It is that time of year when an icy wind blasts itself through Oakleigh, hurtling tumbleweeds down a desolate Eaton Mall. On the other side of Melbourne, a few lonely patrons of Northcote Plaza shiver as they slouch into Degani’s, and slump into their seats, desperate to escape the cold. Across the city, all is bleak and barren, for in a mirror image of the migratory swallows of the motherland, our people have flown north for the winter en masse, there to resume peregrinations cut short by the ravages of the pandemic.

While most of our tribe will apply themselves to making their neglected properties habitable, pestering their villagers with stories of how we do things better in Australia or photographing their souvlaki, which they consume while dressed in the latest summer fashions as purveyed in the souvenir shops of Mykonos, there exists another sub-group whose aims are higher and infinitely more lofty than mere gratification.

These are the Greek-Australians, generally office holders in sundry suburban brotherhoods or associations (not to be confused with the representatives of some of our major organisations such as the GOCMV, who actually represent us on important issues and achieve significant results such as agreements to avoid double-taxation and the grant of tourist working visas to Greek-Australians) who travel to the motherland with the sole purpose of disturbing the public servants of the Hellenic Republic, its politicians, municipal officers, policemen, soldiers and other people they, in their abslute discretion consider to may be important, during their summer leave. In so doing, a form of ritual observance has evolved, whereby, after the meeting, it is considered of paramount importance to take a photograph with them in order their peers back in Australia may think that they are important, enacting in this way a unique Greek-Australian rite of passage.

A long time ago, so long ago in fact that Facebook had not been invented yet, (and this is important, for if the photograph referred to in the preceding paragraph is not posted in Facebook, there is plausible deniability as to whether the high level encounter actually took place), I was treated to one such dignitary call. Visiting the motherland in the height of summer for a conference, I ran into one one the delegates , a rather senior gentleman, who happened to be a compatriot from our common place of exile. “Come and meet the local Member of Parliament,” he gushed. “I’m about to pay him a visit. You come too!”

I lowered my frappe slowly, for I was trying to blend in with the locals, and asked: “Why? What is he to me? For that matter, why on earth would you want to waste your time, when you can sit here and drink frappe with me and ruminate over finding your own internal equilibrium?” The look of shock and bewilderment on my interlocutors face has henceforth been indelibly etched upon my memory. “Are you serious?” Drawing himself up to his full height of five feet, three inches, he pointed his finger at me and waved it didactically. “First of all, you NEVER pass up on an opportunity to meet a politician. You never know what it can lead to. Secondly, the photo opportunity is priceless. It is the ticket that ensures that you will be voted in at the next brotherhood election.”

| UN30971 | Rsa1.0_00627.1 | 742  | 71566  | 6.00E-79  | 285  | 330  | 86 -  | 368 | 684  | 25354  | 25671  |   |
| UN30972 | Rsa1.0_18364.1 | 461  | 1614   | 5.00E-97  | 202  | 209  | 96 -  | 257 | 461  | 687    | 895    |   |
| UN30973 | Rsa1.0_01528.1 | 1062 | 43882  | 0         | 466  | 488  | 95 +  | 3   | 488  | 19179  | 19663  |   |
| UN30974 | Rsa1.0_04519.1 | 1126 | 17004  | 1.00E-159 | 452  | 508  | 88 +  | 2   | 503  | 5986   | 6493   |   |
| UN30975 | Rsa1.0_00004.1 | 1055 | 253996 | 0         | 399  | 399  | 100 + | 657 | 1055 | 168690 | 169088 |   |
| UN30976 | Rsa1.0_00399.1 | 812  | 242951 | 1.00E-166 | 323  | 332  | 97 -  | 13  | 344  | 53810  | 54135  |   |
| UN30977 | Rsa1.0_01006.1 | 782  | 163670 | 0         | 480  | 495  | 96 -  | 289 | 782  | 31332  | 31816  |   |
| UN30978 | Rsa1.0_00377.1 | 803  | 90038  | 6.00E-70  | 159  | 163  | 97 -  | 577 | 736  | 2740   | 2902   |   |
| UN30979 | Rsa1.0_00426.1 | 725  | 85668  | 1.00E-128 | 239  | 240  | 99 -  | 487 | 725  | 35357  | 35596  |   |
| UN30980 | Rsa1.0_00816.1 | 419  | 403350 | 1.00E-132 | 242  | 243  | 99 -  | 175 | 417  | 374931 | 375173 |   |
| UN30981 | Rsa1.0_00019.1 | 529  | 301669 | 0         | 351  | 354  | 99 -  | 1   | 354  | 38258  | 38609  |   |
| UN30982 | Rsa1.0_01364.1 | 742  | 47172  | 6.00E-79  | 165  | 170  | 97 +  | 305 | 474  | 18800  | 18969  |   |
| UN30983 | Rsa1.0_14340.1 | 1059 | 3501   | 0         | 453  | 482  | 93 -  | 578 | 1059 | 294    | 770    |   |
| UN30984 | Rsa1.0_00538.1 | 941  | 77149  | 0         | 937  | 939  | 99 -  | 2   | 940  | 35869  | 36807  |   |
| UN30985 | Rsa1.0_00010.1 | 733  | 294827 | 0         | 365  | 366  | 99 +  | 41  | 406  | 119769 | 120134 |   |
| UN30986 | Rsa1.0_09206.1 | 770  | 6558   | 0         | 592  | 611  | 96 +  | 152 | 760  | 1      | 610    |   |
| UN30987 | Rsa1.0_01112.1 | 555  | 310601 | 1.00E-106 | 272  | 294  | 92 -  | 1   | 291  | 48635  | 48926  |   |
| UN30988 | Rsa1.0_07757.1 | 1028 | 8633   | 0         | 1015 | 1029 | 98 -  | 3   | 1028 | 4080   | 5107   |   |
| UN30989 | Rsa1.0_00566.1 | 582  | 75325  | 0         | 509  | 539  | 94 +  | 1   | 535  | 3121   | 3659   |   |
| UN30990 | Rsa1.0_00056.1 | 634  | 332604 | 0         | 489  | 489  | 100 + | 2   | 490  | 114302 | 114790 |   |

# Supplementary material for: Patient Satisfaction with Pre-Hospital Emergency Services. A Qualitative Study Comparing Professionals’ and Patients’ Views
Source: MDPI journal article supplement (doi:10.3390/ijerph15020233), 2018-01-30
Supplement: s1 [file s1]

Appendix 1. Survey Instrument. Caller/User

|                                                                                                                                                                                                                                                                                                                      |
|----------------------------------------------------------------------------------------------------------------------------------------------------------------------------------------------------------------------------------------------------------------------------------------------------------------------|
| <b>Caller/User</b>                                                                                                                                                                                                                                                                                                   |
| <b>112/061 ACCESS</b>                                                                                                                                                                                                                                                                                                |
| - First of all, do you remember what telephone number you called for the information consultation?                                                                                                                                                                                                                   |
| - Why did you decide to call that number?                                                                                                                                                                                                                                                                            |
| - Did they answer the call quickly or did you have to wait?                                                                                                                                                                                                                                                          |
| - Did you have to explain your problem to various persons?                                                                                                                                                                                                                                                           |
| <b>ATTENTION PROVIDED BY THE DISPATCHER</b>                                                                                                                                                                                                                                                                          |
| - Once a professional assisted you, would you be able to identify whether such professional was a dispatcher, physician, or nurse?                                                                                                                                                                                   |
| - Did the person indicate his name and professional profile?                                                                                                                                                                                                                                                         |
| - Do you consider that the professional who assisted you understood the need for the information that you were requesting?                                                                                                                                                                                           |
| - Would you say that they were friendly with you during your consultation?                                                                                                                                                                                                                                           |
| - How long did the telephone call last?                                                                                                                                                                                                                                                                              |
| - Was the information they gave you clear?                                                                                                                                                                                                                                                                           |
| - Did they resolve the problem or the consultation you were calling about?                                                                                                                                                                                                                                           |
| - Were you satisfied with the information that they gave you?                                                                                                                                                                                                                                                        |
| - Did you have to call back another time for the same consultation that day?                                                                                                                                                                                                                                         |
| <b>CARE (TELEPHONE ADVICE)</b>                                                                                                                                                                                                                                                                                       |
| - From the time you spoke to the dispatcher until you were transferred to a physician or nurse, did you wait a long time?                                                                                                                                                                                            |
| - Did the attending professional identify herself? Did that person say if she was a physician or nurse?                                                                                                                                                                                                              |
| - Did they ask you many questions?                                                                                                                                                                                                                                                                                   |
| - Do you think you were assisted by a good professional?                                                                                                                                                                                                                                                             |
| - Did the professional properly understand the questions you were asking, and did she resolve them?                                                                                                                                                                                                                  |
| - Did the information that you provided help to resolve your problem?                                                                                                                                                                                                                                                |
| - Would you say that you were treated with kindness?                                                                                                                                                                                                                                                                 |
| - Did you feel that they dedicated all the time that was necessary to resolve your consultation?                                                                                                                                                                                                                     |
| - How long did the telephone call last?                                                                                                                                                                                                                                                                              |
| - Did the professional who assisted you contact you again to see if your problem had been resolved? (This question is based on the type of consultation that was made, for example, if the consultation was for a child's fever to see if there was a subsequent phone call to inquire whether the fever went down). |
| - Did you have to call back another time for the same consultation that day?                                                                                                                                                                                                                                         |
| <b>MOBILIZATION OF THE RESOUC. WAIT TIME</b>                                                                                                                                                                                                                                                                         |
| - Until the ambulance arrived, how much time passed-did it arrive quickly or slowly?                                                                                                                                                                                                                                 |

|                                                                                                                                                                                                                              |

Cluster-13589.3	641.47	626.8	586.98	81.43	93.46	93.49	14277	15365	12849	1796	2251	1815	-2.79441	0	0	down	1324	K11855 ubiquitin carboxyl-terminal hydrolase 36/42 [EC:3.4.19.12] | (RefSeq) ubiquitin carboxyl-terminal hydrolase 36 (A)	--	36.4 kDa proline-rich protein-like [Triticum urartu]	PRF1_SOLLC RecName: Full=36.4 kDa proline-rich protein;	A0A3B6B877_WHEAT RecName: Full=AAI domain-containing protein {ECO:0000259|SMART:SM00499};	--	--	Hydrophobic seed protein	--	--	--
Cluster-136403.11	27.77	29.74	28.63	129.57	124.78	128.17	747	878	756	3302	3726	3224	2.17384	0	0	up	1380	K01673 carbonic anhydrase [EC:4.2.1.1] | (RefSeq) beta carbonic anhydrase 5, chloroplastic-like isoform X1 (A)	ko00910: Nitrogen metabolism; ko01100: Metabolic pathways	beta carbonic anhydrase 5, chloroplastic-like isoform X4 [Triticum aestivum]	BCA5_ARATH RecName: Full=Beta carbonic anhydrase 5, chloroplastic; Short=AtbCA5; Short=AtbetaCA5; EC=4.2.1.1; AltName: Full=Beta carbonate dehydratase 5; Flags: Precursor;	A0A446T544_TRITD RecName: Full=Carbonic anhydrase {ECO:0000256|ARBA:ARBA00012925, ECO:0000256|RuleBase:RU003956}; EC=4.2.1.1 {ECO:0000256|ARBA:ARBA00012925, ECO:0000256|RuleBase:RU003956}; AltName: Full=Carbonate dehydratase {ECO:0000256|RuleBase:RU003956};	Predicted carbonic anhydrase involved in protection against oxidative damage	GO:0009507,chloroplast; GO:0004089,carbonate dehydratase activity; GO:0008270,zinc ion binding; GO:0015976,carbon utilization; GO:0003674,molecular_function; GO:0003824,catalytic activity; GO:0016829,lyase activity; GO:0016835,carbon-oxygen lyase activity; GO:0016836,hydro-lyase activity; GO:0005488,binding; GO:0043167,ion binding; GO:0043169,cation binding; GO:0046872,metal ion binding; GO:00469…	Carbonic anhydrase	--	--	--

I sought further clarification. “How does that work?” to which my interlocutor snorted derisively. “Do I have to explain the obvious to you? If the local MP has condescended to meet with you and take a photo with you, then obviously, it means, to all the voters back home who come from the same district, that he endorses you. It means that you have connections, that you are a person of influence.” Puffing out his chest and placing a hand on the lapel of his jacket, he asked rhetorically: “Who would you vote for? Someone with access to the echelons of power, or a nobody?”

“Someone who knows how to run the club,” I murmured. “You are an idiot,” my senior advisor snapped. “Watch and learn.”

When we were ushered in to the local MP’s office, I marvelled at how pristine his bookshelf was, laden with leather bound tomes that glistened in the artificial light, exuded an aura of never-readness. The parliamentarian was jovial, grasping our hands warmly while taking furtive periodic glances at the tanned, excessively long legs of my interlocutor’s daughter. We sat down and the local member of parliament enlightened to us as to how indispensable he was to the region, how much money would be available from Europe, how many development programmes were to be initiated, and what a corrupt and thoroughly incompetent parliamentarian his predecessor was.

To each of his points, my interlocutor, smiled ecstatically, enmeshed as he was, in the luminous aura of celebrity. Muttering a few promises to encourage his members to vote for him at the next election, he stood up when the member of parliament rose to terminate the discussion after ten minutes and was about to sail beatifically out of the room when he remembered. “Oh, we need to take a photograph. Just me and the MP of you please.”